My audio piece for Powerhouse Museum’s Oscillations project is finally out! It’s a chewy little story about sino/trans inscrutability, visibility and representation. Massive thanks to sound and story wizard Jon Tjhia, and everyone whose voices and ideas are part of this work: Atong Atem, Oliver Reeson, Kate Bagnall and Tim Sherratt, and my glorious chorus. So proud of this. Listen here.
Senator Eric Abetz’s controversial questions about loyalty rattle Chinese communities in Australia | ABC News
‘I can condemn him all I like … Xi Jinping isn’t sitting around wondering what a queer performance poet in Footscray thinks of his policies.’
I was on ABC today commenting on Chinese Australians being called to condemn the CCP. I talked about conditional citizenship as a form of racial profiling. Read the story by Bang Xiao and Stephen Dziedzic here.
NüProfile: Jinghua Qian on why ‘China-watching’ is problematic, and unbelonging in Australia | NüVoices
I chatted to NüVoices – an international media collective focused on women and China – about writing, diaspora, and why I’m not necessarily interested in inclusion.
Big thanks to interviewer Annabelle Jarrett for making sense of my late-night ramblings over Zoom and editor Jessie Lau for setting this up!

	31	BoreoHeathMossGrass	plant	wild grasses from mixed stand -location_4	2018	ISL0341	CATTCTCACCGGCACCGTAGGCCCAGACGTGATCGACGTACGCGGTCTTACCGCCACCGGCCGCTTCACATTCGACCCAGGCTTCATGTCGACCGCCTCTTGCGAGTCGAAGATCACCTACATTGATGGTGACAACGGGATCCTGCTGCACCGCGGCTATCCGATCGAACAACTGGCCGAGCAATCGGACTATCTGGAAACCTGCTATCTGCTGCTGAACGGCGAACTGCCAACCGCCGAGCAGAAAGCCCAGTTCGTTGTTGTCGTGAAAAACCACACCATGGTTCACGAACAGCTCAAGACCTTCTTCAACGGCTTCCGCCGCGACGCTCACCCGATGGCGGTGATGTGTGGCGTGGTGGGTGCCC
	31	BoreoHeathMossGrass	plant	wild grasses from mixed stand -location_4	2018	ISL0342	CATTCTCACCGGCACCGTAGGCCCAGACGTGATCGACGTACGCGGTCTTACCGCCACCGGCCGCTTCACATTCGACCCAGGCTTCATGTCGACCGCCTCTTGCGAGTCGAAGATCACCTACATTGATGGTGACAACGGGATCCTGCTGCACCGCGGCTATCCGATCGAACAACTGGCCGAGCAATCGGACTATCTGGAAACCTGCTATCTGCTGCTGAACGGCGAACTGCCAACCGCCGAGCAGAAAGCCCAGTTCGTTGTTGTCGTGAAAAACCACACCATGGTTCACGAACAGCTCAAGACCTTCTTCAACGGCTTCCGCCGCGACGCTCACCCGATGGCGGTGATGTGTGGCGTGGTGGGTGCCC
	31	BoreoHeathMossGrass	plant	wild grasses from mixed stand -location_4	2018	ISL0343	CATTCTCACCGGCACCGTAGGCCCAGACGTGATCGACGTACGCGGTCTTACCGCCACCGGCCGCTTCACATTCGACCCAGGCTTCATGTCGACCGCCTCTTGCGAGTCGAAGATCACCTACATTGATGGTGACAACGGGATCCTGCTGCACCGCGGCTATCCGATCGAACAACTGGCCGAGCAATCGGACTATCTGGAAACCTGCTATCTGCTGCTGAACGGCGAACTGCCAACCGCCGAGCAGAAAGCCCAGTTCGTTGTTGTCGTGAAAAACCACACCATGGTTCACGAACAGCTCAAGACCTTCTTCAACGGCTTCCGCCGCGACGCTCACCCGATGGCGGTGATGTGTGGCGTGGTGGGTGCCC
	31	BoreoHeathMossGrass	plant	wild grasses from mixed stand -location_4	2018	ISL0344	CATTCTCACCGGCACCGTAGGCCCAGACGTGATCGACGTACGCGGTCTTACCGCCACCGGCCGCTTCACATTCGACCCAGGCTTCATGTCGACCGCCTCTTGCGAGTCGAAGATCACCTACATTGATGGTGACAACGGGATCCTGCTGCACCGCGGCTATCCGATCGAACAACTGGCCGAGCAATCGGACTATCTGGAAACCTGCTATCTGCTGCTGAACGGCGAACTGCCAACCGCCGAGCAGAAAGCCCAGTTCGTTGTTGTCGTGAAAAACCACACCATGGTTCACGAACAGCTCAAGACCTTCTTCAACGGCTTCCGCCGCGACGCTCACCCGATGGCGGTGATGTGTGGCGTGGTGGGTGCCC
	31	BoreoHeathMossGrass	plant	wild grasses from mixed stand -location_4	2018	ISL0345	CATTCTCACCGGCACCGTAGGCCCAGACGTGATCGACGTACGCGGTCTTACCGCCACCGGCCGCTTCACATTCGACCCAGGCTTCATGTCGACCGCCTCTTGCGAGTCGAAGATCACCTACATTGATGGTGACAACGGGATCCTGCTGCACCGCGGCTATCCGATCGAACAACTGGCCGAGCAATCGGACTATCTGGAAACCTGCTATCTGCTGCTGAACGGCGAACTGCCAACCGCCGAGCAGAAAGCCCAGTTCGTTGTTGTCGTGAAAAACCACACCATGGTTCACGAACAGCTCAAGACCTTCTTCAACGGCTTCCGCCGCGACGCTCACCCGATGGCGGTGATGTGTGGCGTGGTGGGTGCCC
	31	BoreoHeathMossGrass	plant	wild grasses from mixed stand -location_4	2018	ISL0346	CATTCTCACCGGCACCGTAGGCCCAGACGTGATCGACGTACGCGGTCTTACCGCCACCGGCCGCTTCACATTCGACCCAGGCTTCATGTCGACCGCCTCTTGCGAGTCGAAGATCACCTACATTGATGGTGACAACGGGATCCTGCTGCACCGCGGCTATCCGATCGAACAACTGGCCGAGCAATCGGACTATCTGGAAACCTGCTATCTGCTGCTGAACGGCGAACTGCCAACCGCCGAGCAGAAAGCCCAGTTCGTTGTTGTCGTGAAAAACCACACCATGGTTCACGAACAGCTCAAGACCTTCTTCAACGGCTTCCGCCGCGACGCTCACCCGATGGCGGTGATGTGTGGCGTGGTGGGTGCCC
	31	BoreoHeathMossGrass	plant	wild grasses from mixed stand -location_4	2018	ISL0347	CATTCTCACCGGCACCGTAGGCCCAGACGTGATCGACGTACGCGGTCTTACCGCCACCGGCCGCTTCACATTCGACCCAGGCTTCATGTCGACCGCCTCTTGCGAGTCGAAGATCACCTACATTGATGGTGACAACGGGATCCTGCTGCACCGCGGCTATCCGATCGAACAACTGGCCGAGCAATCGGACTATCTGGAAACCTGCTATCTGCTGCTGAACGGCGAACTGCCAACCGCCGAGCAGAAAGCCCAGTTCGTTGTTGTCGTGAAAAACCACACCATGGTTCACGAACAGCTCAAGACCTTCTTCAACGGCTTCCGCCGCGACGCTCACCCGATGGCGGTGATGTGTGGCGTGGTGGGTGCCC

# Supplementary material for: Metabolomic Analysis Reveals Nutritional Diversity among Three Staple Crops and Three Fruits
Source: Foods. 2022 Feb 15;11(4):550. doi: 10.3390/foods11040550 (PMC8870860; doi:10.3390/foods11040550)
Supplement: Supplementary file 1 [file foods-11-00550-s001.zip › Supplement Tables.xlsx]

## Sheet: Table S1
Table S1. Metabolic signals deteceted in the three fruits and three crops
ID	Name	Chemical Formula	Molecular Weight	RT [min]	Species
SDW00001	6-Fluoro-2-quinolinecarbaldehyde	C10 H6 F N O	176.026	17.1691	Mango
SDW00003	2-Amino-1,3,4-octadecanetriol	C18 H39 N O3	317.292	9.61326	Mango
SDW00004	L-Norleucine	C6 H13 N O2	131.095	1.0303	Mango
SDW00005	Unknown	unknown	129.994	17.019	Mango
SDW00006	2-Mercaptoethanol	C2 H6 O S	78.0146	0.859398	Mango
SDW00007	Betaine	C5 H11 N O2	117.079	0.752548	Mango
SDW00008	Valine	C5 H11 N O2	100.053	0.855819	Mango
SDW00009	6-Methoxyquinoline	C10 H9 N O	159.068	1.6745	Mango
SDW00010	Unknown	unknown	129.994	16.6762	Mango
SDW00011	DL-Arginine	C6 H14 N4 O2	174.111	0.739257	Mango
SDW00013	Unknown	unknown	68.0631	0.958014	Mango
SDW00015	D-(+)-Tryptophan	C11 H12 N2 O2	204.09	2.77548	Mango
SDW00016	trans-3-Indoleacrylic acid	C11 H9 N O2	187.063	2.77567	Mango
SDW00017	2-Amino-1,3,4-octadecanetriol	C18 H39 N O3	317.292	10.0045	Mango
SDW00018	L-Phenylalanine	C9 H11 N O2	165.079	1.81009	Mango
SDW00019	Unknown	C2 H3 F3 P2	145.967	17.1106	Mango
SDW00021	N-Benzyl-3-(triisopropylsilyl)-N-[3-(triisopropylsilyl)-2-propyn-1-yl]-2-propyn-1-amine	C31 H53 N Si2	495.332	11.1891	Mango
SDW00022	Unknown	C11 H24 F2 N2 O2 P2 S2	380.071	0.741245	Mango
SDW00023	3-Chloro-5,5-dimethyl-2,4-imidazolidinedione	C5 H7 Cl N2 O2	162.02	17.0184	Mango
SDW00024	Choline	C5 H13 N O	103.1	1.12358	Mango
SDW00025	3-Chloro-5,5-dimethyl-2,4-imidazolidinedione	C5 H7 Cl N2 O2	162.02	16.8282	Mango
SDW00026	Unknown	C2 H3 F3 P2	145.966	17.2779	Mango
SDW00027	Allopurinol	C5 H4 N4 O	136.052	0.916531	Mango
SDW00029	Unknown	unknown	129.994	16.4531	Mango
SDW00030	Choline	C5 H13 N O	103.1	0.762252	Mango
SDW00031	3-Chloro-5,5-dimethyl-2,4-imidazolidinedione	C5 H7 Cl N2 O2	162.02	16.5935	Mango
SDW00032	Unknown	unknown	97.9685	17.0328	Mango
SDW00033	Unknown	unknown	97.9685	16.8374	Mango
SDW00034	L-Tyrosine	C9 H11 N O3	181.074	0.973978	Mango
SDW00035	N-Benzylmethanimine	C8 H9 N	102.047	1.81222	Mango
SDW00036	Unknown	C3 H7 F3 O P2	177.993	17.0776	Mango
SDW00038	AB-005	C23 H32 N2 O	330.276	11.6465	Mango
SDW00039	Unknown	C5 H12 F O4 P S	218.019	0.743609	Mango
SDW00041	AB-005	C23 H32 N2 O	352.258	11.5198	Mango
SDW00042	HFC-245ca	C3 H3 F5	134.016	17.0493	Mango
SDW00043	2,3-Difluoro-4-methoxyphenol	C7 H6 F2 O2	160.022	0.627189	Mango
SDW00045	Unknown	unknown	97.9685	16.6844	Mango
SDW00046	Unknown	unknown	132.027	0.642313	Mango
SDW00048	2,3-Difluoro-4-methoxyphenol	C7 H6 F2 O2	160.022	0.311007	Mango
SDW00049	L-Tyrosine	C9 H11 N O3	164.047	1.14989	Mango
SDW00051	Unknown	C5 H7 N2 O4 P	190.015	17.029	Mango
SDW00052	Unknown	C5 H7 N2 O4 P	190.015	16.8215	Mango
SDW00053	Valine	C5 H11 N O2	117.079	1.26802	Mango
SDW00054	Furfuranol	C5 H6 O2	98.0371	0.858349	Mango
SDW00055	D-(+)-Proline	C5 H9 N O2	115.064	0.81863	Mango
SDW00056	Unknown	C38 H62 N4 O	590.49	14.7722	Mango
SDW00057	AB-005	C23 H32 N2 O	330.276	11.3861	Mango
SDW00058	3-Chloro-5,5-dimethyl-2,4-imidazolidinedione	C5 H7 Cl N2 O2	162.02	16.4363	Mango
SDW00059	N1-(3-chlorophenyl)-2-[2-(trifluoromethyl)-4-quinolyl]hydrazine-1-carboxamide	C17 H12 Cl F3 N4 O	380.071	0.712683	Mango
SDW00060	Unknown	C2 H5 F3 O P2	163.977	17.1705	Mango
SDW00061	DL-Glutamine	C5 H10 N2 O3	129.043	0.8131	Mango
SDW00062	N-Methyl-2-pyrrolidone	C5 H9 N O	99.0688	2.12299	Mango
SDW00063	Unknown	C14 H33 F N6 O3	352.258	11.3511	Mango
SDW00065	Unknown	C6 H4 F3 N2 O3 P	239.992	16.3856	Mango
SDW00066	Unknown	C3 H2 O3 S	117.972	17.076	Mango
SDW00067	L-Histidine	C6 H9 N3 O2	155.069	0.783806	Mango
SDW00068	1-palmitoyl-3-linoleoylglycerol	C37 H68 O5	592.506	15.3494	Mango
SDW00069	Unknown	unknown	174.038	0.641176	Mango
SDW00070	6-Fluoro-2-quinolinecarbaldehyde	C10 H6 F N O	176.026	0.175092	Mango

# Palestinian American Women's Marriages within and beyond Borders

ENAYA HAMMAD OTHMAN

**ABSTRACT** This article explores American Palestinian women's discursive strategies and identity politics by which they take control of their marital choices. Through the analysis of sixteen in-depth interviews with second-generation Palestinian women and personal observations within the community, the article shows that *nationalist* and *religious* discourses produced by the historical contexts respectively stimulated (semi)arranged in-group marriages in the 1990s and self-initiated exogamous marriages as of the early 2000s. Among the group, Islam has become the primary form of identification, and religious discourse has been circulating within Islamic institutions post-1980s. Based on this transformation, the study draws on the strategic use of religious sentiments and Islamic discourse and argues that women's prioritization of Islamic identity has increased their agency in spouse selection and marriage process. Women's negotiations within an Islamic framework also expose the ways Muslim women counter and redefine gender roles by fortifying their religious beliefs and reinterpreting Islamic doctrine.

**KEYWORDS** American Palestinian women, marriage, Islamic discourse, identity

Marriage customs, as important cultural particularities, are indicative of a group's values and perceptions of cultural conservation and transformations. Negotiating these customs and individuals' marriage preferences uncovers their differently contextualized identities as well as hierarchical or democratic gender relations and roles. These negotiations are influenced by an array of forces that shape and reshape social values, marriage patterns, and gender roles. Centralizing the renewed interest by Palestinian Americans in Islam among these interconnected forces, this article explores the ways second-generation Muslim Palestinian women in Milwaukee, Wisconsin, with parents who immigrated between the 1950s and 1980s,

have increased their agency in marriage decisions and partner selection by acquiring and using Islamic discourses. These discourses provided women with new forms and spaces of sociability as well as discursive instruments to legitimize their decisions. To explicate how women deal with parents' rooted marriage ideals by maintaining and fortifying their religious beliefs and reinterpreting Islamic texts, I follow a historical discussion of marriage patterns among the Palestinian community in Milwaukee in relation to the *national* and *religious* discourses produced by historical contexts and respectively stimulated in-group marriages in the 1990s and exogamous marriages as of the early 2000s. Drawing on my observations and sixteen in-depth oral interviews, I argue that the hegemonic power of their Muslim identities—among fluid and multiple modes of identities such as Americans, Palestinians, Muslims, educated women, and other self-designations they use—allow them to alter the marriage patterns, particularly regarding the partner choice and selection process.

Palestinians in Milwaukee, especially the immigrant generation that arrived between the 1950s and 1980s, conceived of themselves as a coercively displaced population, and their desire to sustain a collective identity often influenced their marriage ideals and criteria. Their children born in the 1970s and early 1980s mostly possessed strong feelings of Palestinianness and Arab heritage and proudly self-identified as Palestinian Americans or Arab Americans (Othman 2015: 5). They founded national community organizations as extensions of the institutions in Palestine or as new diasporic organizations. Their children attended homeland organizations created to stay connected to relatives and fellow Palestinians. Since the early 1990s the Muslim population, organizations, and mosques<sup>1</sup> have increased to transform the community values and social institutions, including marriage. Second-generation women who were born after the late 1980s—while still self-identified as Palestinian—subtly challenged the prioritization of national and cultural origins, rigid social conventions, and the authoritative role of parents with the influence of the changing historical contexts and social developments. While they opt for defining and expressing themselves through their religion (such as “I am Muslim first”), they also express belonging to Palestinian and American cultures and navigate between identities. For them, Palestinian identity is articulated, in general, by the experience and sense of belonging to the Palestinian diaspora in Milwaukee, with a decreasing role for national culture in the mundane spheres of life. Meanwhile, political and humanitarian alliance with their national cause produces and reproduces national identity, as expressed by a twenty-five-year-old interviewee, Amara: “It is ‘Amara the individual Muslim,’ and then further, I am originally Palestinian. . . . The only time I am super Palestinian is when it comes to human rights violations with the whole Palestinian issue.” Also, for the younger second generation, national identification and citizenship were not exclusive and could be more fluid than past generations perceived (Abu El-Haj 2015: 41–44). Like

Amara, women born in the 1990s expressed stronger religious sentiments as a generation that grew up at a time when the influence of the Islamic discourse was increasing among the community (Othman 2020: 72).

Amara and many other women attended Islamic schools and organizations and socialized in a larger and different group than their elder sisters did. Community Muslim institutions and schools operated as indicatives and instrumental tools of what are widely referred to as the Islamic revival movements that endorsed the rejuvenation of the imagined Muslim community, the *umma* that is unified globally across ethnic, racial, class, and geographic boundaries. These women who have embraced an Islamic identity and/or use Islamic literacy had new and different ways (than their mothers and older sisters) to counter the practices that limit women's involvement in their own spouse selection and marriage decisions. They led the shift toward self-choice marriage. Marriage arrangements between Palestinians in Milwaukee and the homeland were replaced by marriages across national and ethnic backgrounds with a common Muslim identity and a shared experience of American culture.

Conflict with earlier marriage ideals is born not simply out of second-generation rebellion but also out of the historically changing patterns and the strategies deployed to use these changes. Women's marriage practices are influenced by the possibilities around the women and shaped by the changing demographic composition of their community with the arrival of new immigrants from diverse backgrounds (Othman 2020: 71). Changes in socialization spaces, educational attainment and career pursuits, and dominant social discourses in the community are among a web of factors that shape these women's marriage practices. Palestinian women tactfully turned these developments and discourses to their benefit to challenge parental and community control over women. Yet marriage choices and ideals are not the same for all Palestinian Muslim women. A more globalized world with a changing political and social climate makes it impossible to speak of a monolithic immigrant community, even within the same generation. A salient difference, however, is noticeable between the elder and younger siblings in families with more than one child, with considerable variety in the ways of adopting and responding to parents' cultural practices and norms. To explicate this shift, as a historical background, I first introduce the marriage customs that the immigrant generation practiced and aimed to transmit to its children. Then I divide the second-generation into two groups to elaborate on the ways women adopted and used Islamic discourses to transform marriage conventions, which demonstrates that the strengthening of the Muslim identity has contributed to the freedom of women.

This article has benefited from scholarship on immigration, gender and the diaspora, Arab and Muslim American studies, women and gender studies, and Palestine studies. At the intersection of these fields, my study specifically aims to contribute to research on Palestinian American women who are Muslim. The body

Yellow peril isn’t what it used to be
My Meanjin piece from the Summer 2019 issue is now online if you’re interested. It’s a review of The Chinawoman, a book about a white woman sex worker who was murdered in 1856 Melbourne, and it’s also a reflection on Chinese-Australian history, Aboriginal deaths in custody today, who is worthy of protection, who is disposable, and how that’s shifted.
Chinatown Melbourne is a one-way street that took a turn
‘Between Australia’s hunger to spin its immigrant communities into a simple, palatable narrative, and the PRC government’s mission to absorb the accomplishments of overseas Chinese into its own national history, the richness and complexity of Chinese Australian life can get lost.’
Read my feature on Chinatown and Melbourne’s Chinese communities in Culture Trip.
Underfoot: underground histories from Footscray 3011
Finally it’s launch day!
Underfoot presents four virtual audio tours through Footscray’s past. Liz and I bring an intimate lens to local history as we wander the streets and the archives looking for people like us: queers, migrants, radicals and artists. There are some big conversations about capitalism, nationalism and settler nativism, as well as some finely aged gossip.
Each track comes with a map, transcript, photos and notes so you can either explore these places in real life (observing social distancing!) or just enjoy the stories while staying home. You can even dive into some historical research yourself if you’re so inclined.
Playlist: Music of the Sinosphere
My second playlist for Peril magazine’s You Don’t Sound Asian project explores music from around the Sinosphere: China, Hong Kong, Taiwan and beyond.
‘Unlike the pandemic, the playlist doesn’t have a case definition or an epicentre. It’s just an endless filament of sound, the connections between the tracks both tenuous and elemental. It’s as open-ended as Chineseness could be.’
Have a listen – and check out my other playlist, Teacup in a Storm, as well.